3. Get a quote from CarsDirect: Buying a car online these days is not only possible, but highly recommended. You save the hassle of driving to dealerships, wasting time over the phone etc. Start your hunt for the best price by getting a quote from carsdirect.com. They partner with local dealerships and have very competitive pricing. My experience with CarsDirect was fantastic and I’d have definitely bought a car from them had a local dealer not given me a much better deal.
  4. Get quotes from local dealers: Open a spreadsheet, fire up your browser and start calling your local dealerships. Ask for the new car sales department and let them know exactly what configuration you are looking for. Ask them for price and availability. Always ask for out-of-the-door price, including taxes and rebates. This way there will be fewer surprises on the final bill. Make a point to let them know that you are talking to other dealers. Jot down the dealers quote in the spreadsheet (add the CarsDirect quote here as well). This process can take some time because you may not be able to reach them in the first attempt and there might be some back and forth while they get back to you with details. I recommend setting aside 2 slots of 2 hrs each for these phone calls.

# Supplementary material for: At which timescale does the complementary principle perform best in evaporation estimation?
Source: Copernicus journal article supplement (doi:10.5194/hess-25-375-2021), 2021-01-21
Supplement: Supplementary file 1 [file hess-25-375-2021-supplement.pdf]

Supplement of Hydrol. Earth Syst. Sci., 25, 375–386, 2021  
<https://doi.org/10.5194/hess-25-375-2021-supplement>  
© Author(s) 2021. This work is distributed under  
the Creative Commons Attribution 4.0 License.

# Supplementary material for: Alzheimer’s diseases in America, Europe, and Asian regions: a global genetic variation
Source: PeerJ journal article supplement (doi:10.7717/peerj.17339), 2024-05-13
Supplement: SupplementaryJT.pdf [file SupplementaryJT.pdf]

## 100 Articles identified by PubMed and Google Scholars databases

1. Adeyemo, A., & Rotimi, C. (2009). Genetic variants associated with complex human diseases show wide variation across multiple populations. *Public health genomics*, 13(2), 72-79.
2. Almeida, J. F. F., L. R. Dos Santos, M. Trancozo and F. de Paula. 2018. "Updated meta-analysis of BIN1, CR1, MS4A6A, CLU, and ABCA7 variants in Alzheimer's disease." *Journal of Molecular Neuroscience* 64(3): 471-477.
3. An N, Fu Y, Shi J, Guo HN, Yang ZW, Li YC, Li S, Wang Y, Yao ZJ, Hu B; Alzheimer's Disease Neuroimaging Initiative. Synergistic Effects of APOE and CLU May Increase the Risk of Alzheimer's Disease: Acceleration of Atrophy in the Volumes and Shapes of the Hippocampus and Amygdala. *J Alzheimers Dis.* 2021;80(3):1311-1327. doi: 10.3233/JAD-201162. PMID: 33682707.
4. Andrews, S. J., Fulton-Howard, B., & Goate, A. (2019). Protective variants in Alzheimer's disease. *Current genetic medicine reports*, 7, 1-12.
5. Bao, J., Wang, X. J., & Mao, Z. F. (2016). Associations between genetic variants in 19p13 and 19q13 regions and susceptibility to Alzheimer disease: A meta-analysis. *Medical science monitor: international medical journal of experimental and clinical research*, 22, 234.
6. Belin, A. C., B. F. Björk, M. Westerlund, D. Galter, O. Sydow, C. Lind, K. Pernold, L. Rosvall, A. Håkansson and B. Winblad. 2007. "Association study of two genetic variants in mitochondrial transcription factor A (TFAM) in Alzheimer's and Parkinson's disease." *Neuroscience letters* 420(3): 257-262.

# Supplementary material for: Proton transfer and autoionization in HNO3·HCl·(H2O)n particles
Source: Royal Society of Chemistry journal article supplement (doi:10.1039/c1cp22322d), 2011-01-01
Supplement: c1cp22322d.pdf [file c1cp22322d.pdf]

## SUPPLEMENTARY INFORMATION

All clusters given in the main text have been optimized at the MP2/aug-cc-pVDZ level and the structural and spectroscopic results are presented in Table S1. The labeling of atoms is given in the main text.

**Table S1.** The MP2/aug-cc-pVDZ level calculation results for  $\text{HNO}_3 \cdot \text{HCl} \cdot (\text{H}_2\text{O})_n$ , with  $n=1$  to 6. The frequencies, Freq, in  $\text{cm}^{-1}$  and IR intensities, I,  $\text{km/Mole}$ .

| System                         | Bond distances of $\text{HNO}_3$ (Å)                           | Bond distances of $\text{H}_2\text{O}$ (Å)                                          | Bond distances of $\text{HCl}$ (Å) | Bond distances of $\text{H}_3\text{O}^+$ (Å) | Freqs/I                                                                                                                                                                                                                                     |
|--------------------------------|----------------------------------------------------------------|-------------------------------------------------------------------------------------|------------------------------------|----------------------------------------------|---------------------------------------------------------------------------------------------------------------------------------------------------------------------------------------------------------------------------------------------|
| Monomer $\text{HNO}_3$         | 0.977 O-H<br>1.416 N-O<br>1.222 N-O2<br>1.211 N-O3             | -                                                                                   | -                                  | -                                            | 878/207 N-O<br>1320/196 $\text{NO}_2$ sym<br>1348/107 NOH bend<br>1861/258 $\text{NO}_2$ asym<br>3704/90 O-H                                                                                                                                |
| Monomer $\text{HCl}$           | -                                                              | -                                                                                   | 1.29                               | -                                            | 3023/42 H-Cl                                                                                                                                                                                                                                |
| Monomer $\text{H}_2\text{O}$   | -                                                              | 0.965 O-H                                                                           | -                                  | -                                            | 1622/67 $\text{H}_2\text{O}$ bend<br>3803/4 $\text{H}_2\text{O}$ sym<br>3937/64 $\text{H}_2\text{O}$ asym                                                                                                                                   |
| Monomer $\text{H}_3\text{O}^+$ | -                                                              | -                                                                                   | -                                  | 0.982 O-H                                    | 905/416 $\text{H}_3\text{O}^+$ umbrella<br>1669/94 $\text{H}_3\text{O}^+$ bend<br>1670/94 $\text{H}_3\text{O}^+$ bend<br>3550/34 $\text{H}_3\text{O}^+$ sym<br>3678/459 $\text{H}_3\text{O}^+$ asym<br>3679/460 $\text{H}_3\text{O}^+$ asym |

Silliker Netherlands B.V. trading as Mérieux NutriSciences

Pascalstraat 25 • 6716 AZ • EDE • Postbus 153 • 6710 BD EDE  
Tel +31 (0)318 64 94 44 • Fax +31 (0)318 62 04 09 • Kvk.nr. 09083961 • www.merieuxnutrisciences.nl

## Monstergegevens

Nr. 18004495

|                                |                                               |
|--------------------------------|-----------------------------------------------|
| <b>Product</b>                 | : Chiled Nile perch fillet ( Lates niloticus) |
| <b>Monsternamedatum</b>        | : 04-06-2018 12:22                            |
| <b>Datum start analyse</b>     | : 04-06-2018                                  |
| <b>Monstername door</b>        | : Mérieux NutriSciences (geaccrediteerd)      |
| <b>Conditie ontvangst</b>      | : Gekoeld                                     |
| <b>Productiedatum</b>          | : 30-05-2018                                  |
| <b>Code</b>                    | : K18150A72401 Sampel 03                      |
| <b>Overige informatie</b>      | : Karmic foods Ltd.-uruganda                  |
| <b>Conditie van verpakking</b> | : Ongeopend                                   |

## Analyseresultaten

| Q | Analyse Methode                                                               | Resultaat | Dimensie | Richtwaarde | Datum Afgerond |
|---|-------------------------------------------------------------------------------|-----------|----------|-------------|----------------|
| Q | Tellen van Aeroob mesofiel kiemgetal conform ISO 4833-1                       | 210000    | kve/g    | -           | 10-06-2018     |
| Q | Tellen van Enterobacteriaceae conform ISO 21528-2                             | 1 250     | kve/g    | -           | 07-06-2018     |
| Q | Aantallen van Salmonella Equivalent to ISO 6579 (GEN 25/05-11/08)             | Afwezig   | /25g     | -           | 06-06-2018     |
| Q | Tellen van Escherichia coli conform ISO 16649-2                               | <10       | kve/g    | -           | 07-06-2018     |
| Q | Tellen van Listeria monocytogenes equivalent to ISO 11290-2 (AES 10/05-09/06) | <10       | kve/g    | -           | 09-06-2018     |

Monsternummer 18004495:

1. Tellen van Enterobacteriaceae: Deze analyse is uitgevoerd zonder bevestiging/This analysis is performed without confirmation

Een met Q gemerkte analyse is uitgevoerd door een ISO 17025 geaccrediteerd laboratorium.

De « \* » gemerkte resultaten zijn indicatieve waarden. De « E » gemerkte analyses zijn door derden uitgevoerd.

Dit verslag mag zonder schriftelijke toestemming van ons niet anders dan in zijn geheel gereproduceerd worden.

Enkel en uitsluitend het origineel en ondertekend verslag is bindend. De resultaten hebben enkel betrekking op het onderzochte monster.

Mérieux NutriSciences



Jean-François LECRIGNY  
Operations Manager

5. Decide and Buy: Once you have all competing quotes, you can make your decision. The final decision will probably depend not just on the price, but other factors such as availability, location of the dealership, your experience with the dealership etc. If you finance your car, most car companies typically have their own financing arm which usually provides great APRs. If not, talk to your bank. For the final paperwork, you should make a visit to the dealership. Be sure to read the fine print and know exactly what service (if any) the dealer will provide above and beyond the warranty and services provided by the manufacturer.

That’s pretty much it! I read a lot of horror stories online about swindling and cheating in dealerships. My personal experience with at least the Toyota dealers in the Bay Area was pretty good. Most of them were very straightforward and to the point. They did not want to waste their time or mine, and did not try to pressurize or hoodwink me into a bad deal. You might also find this guide useful.